The reference African MRAP/APC
Probably the most successful and prolific South African armored personal/mine resistant ambush protected vehicle, the Mamba (from the name of a famous and deadly African snake) was first conceived by Land Systems OMC, a subsidiary of BAE Systems Land Systems South Africa. It is worth noting that the first units were derived from surplus Buffel vehicles (around 1400 built with derivatives like the Log Buffel, Moffel, Unicorn, Bulldog and Rhino). The latter was introduced in 1978 for the protection of airfields but was also the first MRAP or MRV (Mine resistant vehicle) developed, at least on the African continent. Mambas were filmed during the war in Iraq, used by both national peacekeeping forces and private security companies. It is fitted with a V-shaped armored underbelly intended to deflect a mine blast. This threat became a very serious one also on the borders of South Africa, leading to devise a lighter, shorter and more comfortable vehicle.
The Mamba is relatively lower than most MRAPs, but the ground clearance is also tailored to cope with the worst terrains South Africa can offer like the Rhodesian borders. The chassis and V-shaped belly are built by Reurnech Sandrock with a Unimog components, offering remarkable cross-country performance. The steel hull made of welded RHA is around 8 mm thick but was lighter on the Mark 1 & 2, protecting only against NATO 5.56 mm rounds, while the Mark 3, 4 and 5 are proven against 7.92 NATO rounds. Fixed bulletproof glasses are also fitted with openings for better ventilation. The commander of the platoon takes place left to the driver, with the infantry seated behind on side benches. The roof can receive several openings for various machine guns, usually a 12.7 mm (cal.0.5) at the front center, which can be protected by a frontal mask and a body shield at the rear. The commander also has his own hatch and MG mount. But it can be opened totally if needed. Modularity allowed the chassis to be tailored, turning the rear into a flatbed body for carrying various payloads, mounting light weapons or accommodate a recovery hamper. It can be turned also as an armored ambulance or a command vehicle. Access is provided by a single door at the rear or by the roof hatches. Nowadays its successor is the RG-31 Nyala.
The Mk.1 was primarily exported while the improved Mk2 and Mk3 versions are in service with the South African military. The new Mamba Mk5 version was designed and built by N4 Trucks (Pty) Ltd (Pretoria). The Mk5 is marketed and distributed Globally by Osprea Logistics. It is sold in two variants, on the Magirius air-cooled drive train or an Iveco Eurocargo drive train in water cooled configuration.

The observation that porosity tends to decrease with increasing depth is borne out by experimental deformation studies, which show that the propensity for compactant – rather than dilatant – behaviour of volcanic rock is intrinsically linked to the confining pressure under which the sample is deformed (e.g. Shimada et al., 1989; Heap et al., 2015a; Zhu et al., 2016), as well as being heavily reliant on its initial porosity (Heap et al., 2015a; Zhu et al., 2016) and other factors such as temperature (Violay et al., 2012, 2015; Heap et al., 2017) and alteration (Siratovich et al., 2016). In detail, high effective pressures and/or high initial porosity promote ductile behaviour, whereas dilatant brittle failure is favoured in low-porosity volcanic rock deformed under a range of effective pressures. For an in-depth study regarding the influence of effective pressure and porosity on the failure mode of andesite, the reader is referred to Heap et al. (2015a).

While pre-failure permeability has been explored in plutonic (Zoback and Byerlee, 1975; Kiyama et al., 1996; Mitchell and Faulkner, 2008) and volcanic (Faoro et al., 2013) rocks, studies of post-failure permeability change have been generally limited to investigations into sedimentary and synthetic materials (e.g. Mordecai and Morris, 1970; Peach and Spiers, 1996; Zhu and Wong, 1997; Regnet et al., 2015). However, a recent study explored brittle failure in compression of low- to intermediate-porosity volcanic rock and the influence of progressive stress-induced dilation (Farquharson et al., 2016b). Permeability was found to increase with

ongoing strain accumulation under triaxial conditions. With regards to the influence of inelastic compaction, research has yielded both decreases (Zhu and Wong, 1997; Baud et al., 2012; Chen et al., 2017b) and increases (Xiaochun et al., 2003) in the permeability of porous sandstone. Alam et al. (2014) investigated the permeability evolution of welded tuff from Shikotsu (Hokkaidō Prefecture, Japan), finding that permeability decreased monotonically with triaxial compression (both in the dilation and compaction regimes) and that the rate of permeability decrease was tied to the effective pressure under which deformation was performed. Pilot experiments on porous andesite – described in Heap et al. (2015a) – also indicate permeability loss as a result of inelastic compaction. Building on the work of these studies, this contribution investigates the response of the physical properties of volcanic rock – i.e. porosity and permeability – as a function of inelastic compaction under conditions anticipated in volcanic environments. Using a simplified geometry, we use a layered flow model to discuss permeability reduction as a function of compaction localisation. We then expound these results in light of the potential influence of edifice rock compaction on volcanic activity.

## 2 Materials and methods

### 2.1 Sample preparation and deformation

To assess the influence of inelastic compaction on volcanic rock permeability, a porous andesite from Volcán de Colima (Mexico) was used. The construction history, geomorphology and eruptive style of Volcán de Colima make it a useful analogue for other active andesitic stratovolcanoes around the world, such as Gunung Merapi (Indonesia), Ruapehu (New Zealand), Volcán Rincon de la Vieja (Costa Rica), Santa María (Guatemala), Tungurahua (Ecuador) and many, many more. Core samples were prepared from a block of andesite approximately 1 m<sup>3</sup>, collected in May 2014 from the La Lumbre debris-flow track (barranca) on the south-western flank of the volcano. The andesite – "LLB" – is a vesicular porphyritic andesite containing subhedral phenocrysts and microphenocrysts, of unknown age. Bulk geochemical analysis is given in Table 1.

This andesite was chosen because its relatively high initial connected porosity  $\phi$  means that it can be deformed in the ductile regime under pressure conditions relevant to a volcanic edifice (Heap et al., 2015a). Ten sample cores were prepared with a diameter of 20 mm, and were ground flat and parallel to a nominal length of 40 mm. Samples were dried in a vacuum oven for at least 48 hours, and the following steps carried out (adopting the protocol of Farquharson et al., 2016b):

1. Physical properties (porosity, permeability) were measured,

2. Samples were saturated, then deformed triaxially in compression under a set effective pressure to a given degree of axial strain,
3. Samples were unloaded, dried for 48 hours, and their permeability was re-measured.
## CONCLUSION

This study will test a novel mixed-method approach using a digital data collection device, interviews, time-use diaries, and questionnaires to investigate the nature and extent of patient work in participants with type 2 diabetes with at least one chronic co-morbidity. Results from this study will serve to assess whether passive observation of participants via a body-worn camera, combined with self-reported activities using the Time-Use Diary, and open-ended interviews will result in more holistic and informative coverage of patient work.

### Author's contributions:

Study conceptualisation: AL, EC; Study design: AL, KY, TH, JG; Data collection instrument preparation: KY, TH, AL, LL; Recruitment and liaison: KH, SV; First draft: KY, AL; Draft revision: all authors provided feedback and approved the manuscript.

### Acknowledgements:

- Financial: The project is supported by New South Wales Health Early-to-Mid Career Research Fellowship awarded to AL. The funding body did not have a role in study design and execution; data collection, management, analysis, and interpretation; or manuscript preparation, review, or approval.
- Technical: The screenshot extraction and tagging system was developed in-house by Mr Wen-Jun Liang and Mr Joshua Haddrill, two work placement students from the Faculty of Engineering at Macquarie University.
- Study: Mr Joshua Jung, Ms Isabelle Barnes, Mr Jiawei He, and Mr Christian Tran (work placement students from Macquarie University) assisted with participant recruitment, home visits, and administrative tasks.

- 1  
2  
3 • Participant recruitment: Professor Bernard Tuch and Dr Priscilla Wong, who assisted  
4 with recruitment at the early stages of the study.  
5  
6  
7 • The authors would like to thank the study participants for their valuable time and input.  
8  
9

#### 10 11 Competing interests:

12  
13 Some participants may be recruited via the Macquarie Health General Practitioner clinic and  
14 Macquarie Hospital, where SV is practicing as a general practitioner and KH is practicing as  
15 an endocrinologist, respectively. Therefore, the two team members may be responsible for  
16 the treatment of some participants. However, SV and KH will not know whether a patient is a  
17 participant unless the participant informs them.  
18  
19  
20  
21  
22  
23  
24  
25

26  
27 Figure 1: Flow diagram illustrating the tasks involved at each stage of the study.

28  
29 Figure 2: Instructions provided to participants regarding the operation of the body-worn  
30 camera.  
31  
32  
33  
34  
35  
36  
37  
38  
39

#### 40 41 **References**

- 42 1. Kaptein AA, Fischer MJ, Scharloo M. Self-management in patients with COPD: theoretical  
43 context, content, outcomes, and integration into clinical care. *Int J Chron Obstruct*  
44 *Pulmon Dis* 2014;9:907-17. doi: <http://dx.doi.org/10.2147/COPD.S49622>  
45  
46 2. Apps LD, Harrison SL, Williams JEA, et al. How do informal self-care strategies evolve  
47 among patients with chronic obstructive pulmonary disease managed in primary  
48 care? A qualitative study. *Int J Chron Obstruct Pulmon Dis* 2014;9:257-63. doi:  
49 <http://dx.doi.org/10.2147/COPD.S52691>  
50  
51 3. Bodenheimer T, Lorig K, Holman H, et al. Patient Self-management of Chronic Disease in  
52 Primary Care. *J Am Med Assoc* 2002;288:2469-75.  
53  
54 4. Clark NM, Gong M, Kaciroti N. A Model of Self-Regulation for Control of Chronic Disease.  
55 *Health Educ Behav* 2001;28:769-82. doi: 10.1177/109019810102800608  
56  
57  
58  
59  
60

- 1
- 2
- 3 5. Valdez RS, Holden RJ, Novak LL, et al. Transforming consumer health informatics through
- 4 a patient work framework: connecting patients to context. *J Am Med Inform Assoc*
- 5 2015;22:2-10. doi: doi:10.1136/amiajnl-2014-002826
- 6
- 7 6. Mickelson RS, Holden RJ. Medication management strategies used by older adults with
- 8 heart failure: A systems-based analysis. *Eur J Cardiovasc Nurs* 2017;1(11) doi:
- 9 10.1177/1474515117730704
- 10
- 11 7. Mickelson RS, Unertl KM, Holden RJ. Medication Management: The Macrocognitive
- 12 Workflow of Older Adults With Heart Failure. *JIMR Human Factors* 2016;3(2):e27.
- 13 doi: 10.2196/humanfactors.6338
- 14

The Original 2×4 was produced over 500 vehicles by TFM Industries later (Reumech OMC). It was later declined into the modified Springbuck Mk1, and the Reva Mk1 by ICP. The Puma is yet another variant powered by a Toyota Dyna 7-145 powerplant and drivetrain, quite common in Africa.
The improved version 4×4 is built by Sandock Austral and TFM. Sub-variants includes the Mk2 EE (Estonian Army), Mk2 SW (Swedish Army), Komanche (short wheeled base or SWB) for to 7 infantrymen, Sabre with a 4 man cab and rear cargo bay, Alvis 4 (Licence produced version by Alvis UK), Alvis 8 (Alvis version of the Komanche SWB), the modernized RG-31 Nyala (by TFM), the Romad (Modification by Sandock Austral), Reva Mk2 (by ICP with a Cummins powerplant), and Springbuck Mk2.
This 4×4 version ony differed by its Mercedes Benz 312N engine and is built Built by Alvis OMC. The Reva Mk3 is the modified version by ICP.
4×4 fitted with Iveco Euro 3 engine/Magirius and B7 armor. It is currently built by Osprea Logistics SA.
Taipan was a version propelled by Mercedes Benz OM366LA turbo-diesel intended for the Australian Specialised Vehicle System (ASVS) proposal or Project Bushranger, not chosen. To prove their point commercially, the Mamba Mk.5 was blast tested at the Pretoria based Council for Scientific and Industrial Research, (the CSIR). It defeated completely a 10 kg mine and survived a 14 kg mine, although badly damaged, but the potential crew would have been safe inside.
Exports & operational history
The Alvis Mamba license-built by the United Kingdom served in several peacekeeping operations, noteworthy in former Yugoslavia. The Mk5 was and still is deployed currently by African Union peacekeepers in Somalia and several other countries.
Customers of the Mamba range includes:
Argentina, Canada, Ivory Coast, Estonia, Italy, Norway, Republic of the Congo, South Africa, Sudan, Sweden, Switzerland, Tanzania, Uganda, United Kingdom, United States (Iraq), Kenya, Indonesia, Burundi.
Operational history missions by the United Nations peacekeeping forces in Angola, Bosnia, Kosovo and Sudan. Argentina and the United Kingdom exported their Mambas to Sudan. South Africa delivered 62 Mamba Mk3 to assist in the peacekeeping operations also in Sudan. Over 40 Mamba Mk5’s were ordered by the United Nations and the African Union for use in Somalia in 2011. The Mamba was also used by private security contractors in Iraq by US Forces. According to them, the vehicle appears “less aggressive” to civilians.
Mamba Mk.3 specifications
|Dimensions (l-w-h):||5.46 x 2.20 x 2.49 m (215 x 86.8 x 98.2 in)|
|Total weight, battle ready:||5.56 Tons (34,171 ibs)|
|Crew :||1 + 10 personal|
|Propulsion:||312N Mercedes Benz turbocharged diesel 123 hp (92 KW)|
|Suspensions:||4×4 Leaf springs|
|Top Speed||102 kph(63 mph)|
|Range (road)||650 km (400 mi)|
|Armament (see notes)||12.7 and 7.9 mm (0.5 -0.3 in) MGs|
|Armour||Around 8 mm (0.3 in)|